Beginning his career as a regular second baseman, Jerry has evolved in an effort to continually add value to whatever team he plays for. After playing solely second through his first six big league seasons, he began to migrate to other positions in 2004, seeing starts at second, third, and all three outfield spots.
He continued moving between those five spots, with the very occasional action at short as well. Interestingly, as Hairston has gotten older, he has increasingly seen more time at short stop. For the Padres this year, he has actually seen more action at short than he ever has in his career, playing often for the struggling Everth Cabrera.
The Padres have needed him at second, third, short, and the corner outfield positions, using his many talents to plug gaps at various times en route to a 60-42 record, good for tops in the National League.
Hairston earned the right to sign with San Diego as a free agent, alongside his brother after splitting 2009 between Cincinnati and the Yankees. After excelling as a Red for parts of two seasons, the Yankees traded for him at the July 31, 2009 deadline, viewing him as a potential missing piece to their puzzle. Down the stretch, the Yankees used Hairston around the horn in the infield, as well as all three outfield positions. His versatility even got him a start in a World Series game, helping the Yankees win game two, en route to their 27th championship in franchise history.
Rarely a top-notch offensive threat, Jerry Hairston Jr. epitomizes utility on a baseball diamond. He offers solid or even above-average defense at nearly every position he plays. Always providing patient and hard-fought at-bats, he excels at the small game, bunting, stealing bases, and handling the bat well in hit and run situations or when he must move a runner over. Managers would love to have a team full of players like Hairston, fully capable of all the fundamental aspects of the game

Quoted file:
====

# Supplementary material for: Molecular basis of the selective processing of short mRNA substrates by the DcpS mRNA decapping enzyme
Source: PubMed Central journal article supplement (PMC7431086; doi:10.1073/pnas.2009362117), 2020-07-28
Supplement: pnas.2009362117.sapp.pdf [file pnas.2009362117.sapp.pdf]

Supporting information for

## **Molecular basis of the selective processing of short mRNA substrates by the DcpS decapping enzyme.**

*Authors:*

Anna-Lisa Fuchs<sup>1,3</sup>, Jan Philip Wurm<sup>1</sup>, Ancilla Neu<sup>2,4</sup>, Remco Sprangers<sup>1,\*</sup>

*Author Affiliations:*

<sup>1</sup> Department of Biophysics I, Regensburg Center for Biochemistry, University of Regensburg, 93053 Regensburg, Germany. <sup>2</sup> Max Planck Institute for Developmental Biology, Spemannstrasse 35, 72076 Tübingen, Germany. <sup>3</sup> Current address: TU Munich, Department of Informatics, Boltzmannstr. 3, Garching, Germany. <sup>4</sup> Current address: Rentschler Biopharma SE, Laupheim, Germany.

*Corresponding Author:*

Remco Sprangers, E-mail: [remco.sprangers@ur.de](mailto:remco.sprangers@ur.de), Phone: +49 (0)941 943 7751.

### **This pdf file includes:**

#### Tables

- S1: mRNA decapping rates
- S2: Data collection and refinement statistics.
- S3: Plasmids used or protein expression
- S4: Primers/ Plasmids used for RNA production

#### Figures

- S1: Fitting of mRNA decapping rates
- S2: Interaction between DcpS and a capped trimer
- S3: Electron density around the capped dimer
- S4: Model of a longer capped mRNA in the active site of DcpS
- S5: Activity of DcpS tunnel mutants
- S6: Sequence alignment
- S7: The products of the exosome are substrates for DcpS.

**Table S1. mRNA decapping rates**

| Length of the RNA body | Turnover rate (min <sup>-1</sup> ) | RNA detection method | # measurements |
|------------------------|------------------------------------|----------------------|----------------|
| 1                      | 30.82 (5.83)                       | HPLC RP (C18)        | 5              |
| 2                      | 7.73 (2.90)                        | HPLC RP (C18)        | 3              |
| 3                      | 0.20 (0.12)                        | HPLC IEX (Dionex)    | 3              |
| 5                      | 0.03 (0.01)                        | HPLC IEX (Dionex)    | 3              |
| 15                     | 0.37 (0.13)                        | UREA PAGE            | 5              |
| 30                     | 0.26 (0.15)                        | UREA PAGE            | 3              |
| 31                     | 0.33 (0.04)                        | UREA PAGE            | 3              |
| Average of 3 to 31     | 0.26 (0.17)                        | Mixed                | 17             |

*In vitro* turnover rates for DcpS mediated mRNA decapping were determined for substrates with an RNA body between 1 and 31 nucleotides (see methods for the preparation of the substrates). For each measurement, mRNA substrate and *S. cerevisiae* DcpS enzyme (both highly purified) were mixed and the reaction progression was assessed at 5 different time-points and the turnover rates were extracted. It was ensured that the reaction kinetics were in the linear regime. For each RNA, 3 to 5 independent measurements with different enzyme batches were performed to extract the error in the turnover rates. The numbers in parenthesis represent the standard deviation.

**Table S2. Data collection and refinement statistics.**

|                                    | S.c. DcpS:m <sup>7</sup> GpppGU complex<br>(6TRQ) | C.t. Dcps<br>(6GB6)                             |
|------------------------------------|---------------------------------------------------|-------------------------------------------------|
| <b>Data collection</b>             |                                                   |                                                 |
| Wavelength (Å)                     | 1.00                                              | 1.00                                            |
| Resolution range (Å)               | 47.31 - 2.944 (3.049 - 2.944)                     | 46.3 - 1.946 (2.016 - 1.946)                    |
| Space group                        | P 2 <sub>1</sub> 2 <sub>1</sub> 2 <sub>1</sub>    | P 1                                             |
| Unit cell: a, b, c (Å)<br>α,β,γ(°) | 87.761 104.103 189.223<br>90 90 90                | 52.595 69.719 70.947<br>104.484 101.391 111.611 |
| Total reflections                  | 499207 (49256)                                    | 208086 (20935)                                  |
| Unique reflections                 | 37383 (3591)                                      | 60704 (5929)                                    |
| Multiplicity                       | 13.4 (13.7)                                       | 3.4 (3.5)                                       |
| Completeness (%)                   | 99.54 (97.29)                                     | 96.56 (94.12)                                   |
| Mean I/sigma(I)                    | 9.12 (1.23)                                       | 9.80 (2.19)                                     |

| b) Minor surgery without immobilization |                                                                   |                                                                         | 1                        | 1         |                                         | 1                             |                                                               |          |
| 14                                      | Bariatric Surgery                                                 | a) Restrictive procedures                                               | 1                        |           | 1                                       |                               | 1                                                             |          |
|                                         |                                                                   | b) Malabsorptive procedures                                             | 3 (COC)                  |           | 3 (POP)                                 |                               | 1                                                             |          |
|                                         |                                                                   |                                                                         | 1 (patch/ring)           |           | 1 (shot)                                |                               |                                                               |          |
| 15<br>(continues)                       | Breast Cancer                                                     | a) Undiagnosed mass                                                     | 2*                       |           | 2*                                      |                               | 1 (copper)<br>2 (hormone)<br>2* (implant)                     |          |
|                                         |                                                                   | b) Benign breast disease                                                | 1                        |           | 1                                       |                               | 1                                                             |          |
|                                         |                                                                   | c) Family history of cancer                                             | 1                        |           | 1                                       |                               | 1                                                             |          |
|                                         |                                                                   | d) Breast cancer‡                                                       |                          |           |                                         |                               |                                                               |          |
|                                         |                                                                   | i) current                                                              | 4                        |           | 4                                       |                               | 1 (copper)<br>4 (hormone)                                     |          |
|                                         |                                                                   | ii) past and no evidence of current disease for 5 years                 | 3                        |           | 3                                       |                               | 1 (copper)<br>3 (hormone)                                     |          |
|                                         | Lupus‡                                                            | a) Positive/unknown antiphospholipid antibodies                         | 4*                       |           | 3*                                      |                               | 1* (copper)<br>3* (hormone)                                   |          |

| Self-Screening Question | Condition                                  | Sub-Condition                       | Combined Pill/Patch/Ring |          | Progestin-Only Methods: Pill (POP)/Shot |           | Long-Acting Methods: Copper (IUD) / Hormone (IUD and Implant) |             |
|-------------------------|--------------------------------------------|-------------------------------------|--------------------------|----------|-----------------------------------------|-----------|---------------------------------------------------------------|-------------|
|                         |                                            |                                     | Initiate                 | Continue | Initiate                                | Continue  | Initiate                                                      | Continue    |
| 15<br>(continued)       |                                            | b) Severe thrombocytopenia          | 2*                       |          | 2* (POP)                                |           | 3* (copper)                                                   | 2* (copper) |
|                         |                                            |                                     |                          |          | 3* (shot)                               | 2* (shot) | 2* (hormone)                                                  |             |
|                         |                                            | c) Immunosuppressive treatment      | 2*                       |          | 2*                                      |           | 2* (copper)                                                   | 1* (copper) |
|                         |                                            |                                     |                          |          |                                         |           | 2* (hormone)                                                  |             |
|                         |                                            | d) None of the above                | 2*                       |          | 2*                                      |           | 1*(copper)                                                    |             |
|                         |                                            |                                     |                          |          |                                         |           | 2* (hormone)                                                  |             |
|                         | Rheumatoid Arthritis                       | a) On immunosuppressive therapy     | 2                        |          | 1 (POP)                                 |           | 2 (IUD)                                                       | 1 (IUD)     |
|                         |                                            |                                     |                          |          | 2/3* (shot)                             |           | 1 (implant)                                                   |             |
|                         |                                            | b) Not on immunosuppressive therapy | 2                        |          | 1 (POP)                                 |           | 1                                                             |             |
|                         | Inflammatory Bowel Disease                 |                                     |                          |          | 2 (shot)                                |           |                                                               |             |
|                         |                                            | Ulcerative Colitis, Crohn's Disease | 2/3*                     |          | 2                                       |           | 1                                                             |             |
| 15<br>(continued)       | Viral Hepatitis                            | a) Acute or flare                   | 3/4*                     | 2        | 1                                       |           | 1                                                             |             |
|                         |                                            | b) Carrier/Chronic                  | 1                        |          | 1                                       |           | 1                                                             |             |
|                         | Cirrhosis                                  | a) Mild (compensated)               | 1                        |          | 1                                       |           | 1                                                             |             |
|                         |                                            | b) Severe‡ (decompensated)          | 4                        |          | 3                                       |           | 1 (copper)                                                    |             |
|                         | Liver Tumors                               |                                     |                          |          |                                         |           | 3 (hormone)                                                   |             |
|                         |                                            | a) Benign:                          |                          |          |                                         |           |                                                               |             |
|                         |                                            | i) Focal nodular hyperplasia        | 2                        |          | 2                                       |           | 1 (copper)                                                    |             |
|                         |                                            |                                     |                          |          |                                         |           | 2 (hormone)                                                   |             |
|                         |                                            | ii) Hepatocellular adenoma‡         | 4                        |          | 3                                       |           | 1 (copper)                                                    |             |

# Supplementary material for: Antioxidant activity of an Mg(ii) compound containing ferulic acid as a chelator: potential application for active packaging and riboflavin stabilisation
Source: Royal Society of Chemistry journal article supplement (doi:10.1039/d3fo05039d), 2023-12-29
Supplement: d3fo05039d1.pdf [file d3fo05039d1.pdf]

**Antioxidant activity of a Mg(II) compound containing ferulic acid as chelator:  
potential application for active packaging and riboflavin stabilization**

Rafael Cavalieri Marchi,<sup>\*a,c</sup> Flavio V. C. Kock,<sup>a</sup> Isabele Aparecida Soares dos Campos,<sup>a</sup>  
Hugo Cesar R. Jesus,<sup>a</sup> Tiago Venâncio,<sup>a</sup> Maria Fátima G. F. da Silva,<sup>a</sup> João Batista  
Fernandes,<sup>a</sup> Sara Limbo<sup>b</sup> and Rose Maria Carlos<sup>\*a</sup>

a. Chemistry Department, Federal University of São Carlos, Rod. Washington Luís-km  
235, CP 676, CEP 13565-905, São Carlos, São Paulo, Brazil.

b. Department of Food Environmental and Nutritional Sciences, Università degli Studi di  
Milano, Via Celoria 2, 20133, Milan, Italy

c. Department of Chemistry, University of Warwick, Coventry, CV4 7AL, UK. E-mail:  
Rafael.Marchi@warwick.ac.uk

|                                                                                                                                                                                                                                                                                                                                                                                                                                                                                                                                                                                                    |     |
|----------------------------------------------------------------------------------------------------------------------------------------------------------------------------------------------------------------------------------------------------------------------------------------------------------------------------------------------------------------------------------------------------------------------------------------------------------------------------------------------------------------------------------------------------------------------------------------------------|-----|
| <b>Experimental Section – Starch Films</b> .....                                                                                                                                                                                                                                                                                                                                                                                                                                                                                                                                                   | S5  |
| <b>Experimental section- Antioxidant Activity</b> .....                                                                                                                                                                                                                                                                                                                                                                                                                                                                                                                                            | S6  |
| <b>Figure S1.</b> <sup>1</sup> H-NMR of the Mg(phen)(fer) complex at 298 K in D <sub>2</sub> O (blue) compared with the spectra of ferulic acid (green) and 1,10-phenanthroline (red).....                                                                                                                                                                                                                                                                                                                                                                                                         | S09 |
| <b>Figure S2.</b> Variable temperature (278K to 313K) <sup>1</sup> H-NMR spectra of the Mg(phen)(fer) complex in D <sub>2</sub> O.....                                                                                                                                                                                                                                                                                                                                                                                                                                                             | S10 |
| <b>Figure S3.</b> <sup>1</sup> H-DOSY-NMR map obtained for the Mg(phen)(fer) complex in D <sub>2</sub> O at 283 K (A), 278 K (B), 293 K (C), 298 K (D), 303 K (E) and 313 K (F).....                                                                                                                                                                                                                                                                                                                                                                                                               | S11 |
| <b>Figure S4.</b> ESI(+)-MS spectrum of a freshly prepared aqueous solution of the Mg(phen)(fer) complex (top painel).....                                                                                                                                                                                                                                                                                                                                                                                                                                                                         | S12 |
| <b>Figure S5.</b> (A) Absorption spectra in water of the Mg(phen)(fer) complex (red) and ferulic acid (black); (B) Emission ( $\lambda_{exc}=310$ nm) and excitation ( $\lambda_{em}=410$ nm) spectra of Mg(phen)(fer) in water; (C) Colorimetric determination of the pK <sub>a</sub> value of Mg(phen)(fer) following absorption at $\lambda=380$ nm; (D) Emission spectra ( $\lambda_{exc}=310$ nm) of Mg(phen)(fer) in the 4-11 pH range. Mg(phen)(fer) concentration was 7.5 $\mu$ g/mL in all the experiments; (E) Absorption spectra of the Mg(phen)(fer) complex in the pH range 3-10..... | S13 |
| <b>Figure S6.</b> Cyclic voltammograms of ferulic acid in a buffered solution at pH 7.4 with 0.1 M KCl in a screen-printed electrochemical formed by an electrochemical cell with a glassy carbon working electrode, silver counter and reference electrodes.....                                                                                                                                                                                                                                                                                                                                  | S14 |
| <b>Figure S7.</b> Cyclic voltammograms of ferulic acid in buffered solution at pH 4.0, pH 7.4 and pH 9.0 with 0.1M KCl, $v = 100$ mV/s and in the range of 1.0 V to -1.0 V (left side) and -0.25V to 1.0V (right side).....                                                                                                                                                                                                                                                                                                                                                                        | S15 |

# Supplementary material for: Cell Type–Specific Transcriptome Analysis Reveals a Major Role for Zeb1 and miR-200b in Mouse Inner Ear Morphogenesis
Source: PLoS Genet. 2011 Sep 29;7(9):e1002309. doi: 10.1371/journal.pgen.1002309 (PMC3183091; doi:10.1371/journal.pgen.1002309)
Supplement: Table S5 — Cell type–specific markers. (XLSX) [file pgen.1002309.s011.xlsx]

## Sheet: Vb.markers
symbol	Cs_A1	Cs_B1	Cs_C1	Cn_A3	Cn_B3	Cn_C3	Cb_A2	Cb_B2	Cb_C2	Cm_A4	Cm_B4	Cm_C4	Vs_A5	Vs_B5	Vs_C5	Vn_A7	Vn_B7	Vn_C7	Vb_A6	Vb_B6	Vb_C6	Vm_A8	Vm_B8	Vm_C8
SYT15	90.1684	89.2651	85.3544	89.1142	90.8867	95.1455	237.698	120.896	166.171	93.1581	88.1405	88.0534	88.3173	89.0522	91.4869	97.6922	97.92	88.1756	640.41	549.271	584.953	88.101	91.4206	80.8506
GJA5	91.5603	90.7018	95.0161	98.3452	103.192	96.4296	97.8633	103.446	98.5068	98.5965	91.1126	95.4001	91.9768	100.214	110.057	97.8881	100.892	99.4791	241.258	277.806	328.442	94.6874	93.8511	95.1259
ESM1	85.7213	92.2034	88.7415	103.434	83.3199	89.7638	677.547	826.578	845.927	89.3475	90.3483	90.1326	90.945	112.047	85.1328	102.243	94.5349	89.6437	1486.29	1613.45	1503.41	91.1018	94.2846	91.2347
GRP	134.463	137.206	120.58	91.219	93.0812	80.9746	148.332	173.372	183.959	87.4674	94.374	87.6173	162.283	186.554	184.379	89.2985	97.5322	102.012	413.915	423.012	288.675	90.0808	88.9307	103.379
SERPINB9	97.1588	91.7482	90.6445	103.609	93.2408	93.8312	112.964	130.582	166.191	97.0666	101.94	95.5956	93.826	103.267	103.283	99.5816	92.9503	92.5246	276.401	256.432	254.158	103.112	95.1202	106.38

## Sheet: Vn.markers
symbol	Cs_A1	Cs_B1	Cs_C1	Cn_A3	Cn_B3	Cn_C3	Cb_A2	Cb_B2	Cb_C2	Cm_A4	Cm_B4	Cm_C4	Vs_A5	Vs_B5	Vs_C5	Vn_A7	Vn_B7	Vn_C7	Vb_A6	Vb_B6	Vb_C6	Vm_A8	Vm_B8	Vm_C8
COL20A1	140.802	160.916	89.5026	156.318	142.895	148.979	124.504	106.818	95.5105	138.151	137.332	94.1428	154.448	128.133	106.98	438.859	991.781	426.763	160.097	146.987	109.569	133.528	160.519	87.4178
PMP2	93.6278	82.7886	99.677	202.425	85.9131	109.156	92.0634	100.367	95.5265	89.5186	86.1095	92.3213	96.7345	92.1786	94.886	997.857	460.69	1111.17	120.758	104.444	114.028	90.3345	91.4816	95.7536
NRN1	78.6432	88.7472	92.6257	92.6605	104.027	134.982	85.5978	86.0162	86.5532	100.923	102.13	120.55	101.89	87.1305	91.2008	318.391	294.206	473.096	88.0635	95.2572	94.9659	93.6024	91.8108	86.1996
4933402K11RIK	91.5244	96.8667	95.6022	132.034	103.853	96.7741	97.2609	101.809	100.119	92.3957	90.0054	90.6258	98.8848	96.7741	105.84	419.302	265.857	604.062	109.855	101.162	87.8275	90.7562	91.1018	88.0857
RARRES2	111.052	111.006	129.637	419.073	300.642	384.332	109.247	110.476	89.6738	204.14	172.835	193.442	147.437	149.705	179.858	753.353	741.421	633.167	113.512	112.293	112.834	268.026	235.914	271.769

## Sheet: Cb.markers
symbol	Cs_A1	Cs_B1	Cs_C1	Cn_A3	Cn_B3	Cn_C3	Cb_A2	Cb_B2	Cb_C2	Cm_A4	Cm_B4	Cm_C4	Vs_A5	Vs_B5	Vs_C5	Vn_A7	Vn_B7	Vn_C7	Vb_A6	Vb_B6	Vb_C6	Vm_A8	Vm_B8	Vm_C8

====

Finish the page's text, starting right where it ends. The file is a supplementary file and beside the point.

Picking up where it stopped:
He won't wow you with his stats, but Hairston Jr. certainly gets the job done as one of the most versatile utility men in the league today.
After floundering somewhat in a small utility role for Milwaukee during his first few years, Bill Hall began playing regularly for the Brewers in 2004. He played at second, third, and short, but still struggled with the bat at times.
Then, in 2005, he began to gain attention as a player to watch as he hit .291 with an .837 OPS, OPS+ of 116, while stealing 18 bases, still splitting his time over three positions.
2006 saw Hall explode, crushing 35 home runs, driving in 85, with an .899 OPS, and a career high 4.3 WAR, while serving mostly as Milwaukee's starting short stop. He still saw occasional action at second and third, and also began branching out into center field.
Over the next two seasons in Milwaukee, he became the full-time center fielder in 2007, playing the entire year there, before returning to only second and third in 2008. He saw a massive decline in production throughout 2008-09, eventually clearing waivers and being traded to the Mariners in late August 2009. He was traded again, this time to Boston, just a few months later over the offseason.
After a few seasons of less than mediocre offensive production, Hall has been revitalized in a true super-utility role for the Red Sox. Due to the rash of injuries throughout the squad, Terry Francona has used Hall at second, third, short, and all three outfield spots. Filling in often for injured regulars Jacoby Ellsbury, Dustin Pedroia, and Mike Cameron, Hall has returned his bat to near league average levels, and has a respectable OPS of .765 with 11 home-runs. He's even added a perfect inning pitched to his resume this season.
With many regulars on the way to recovery, Hall may soon see his playing time cut into, but the fans in Boston should be thankful for his ample contributions to the effort of keeping the team afloat in light of the abundant injuries the 2010 Red Sox have suffered.